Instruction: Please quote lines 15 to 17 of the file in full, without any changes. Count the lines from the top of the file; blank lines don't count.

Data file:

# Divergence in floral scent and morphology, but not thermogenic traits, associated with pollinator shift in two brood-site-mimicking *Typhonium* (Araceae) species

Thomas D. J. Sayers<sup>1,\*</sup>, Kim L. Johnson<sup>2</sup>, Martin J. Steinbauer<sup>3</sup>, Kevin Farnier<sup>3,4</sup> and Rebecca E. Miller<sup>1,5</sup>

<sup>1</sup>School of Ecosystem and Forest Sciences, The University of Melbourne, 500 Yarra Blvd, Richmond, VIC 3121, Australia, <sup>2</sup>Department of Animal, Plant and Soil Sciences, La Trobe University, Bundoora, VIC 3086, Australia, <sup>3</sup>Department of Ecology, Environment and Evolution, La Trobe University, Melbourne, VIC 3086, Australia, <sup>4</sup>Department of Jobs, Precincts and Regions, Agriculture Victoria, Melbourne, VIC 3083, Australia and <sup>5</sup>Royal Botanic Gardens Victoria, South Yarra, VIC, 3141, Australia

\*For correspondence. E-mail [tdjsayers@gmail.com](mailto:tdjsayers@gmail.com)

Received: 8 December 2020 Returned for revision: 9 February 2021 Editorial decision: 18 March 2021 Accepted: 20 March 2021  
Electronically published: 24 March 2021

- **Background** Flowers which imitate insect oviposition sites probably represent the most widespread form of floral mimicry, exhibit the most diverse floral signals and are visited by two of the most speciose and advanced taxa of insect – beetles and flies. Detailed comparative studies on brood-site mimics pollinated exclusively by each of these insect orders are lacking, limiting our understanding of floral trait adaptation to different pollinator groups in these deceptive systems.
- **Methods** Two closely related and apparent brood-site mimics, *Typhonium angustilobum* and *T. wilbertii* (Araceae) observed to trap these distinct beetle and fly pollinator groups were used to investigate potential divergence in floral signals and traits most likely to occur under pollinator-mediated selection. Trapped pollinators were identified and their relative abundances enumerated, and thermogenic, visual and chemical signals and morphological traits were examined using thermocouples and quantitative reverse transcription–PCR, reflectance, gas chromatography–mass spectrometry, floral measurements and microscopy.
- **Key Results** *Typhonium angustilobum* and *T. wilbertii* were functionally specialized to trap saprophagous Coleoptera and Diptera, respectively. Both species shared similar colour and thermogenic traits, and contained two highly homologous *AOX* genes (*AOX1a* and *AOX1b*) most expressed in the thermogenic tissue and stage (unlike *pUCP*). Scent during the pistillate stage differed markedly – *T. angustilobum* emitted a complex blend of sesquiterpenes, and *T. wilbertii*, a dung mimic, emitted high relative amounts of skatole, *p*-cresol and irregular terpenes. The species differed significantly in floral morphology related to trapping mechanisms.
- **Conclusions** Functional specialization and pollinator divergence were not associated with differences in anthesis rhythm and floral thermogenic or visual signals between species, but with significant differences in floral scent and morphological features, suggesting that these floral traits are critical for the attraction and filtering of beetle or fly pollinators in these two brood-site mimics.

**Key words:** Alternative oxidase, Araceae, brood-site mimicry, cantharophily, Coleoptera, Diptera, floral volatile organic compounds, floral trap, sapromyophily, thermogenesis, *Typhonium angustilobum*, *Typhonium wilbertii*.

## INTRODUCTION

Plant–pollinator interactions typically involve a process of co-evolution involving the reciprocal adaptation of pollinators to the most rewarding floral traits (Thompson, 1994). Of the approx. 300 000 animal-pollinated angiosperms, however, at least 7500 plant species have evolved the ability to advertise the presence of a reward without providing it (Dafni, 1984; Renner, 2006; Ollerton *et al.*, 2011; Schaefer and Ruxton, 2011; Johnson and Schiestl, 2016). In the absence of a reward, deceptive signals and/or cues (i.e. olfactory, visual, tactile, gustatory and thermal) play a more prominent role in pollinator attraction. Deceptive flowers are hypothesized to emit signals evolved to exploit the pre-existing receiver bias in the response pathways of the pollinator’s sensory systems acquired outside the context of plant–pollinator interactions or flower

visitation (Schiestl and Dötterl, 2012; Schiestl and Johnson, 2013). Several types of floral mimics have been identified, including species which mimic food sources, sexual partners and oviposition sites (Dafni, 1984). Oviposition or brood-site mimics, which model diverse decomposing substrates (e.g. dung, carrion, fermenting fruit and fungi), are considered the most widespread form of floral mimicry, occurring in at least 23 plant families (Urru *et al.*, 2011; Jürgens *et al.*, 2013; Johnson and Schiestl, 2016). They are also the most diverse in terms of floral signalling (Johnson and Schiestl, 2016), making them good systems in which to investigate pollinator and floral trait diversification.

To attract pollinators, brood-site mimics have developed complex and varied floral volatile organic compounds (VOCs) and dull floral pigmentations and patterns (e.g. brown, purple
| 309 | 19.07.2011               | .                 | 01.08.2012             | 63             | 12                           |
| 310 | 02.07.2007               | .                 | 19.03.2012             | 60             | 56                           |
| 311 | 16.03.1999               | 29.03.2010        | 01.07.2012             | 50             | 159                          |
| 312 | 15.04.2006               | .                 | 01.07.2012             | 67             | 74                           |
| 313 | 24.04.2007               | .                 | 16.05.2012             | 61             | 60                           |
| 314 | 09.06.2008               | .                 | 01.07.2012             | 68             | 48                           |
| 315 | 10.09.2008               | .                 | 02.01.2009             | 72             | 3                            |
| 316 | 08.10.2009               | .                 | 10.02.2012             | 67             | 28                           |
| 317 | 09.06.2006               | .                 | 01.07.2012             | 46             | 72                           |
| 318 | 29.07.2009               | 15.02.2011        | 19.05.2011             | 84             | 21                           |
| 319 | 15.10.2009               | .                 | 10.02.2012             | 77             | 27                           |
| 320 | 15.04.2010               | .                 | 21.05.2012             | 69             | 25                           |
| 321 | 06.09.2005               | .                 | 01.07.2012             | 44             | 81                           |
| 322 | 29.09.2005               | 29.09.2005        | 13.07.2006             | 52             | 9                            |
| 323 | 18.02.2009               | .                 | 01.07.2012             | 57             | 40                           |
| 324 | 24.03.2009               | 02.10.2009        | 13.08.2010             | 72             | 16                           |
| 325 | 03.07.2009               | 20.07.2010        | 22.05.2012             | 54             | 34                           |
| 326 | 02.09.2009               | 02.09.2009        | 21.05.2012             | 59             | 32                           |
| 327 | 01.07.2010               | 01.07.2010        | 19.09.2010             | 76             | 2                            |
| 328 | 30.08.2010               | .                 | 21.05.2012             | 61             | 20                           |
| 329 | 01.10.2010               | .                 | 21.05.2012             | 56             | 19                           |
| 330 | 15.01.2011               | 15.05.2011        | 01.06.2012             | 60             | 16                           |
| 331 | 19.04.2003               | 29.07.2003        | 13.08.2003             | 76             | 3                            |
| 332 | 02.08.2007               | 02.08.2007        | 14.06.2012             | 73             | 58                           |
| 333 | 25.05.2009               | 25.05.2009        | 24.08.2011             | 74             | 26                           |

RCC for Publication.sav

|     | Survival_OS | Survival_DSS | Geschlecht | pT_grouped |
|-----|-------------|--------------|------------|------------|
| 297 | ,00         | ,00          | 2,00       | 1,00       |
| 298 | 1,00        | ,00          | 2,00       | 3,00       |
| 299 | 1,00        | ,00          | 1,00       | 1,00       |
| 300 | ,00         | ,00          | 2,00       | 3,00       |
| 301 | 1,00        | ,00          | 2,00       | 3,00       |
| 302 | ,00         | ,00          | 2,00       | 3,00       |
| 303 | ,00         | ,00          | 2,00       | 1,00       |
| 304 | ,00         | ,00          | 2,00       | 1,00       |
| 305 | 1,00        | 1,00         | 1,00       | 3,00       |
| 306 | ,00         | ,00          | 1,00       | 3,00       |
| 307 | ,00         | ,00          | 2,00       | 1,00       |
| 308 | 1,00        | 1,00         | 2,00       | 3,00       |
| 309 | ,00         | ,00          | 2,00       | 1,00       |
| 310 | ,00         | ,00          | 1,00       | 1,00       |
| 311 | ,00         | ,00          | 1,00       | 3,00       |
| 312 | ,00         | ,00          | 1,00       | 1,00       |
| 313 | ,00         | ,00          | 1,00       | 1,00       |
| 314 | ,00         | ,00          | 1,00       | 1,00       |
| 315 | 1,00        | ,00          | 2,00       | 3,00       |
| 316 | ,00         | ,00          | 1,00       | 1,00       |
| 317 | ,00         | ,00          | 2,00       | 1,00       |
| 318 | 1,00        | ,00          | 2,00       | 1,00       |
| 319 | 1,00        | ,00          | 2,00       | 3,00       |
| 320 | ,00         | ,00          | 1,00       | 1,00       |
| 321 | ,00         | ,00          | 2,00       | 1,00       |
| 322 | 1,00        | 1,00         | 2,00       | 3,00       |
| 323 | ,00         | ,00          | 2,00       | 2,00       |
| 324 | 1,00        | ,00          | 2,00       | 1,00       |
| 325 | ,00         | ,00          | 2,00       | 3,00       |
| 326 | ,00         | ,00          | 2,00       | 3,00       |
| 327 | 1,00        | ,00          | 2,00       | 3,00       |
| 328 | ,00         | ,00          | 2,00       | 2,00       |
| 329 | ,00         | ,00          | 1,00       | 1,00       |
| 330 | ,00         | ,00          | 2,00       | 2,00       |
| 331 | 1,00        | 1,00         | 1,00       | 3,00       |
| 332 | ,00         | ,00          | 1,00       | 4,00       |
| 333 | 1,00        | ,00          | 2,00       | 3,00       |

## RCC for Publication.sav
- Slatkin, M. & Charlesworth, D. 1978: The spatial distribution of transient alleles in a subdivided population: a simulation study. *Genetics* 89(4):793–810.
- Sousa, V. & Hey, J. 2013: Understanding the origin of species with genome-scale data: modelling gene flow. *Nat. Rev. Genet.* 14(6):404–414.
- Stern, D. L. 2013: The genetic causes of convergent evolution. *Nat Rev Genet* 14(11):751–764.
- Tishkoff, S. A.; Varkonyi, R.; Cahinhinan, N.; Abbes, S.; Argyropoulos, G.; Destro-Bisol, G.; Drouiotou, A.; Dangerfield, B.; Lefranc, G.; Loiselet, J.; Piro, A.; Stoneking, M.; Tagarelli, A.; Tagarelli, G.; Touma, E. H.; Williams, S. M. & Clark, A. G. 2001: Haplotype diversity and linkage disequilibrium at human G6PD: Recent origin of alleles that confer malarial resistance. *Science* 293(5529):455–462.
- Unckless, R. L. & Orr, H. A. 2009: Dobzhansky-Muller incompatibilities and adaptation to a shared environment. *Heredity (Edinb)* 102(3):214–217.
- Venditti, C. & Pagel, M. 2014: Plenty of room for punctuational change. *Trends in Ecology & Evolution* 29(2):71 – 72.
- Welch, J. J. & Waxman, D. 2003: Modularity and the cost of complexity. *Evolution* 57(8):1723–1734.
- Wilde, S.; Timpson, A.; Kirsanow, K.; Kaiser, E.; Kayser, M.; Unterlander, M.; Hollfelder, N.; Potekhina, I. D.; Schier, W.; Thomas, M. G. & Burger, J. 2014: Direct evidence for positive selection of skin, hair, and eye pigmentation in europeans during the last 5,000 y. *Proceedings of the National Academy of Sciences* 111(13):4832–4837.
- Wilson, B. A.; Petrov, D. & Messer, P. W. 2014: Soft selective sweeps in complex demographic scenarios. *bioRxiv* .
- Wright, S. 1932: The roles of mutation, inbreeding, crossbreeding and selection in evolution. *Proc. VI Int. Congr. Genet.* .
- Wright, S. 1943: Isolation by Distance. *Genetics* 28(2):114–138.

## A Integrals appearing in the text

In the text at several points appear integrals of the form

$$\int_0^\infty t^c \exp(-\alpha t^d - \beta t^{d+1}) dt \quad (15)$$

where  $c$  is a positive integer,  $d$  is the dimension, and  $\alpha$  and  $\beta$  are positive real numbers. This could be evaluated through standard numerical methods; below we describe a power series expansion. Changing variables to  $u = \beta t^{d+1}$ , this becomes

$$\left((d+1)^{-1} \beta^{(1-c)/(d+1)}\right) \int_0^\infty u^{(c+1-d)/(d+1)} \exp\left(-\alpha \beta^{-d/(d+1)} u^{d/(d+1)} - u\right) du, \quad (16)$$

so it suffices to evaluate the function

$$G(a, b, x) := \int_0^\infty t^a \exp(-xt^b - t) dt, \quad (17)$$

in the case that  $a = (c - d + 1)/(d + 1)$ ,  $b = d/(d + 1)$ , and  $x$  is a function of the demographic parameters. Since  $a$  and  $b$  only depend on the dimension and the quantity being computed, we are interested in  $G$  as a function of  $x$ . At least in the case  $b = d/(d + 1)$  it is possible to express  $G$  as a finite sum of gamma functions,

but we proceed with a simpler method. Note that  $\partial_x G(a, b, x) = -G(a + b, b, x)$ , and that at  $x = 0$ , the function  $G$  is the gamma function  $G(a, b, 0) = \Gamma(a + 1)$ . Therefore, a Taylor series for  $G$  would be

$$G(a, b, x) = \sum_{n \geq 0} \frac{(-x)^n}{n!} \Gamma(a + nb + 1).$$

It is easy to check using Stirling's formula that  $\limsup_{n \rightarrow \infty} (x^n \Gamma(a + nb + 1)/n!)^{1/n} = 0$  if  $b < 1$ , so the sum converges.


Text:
To attract pollinators, brood-site mimics have developed complex and varied floral volatile organic compounds (VOCs) and dull floral pigmentations and patterns (e.g. brown, purple
| 309 | 19.07.2011               | .                 | 01.08.2012             | 63             | 12                           |
| 310 | 02.07.2007               | .                 | 19.03.2012             | 60             | 56                           |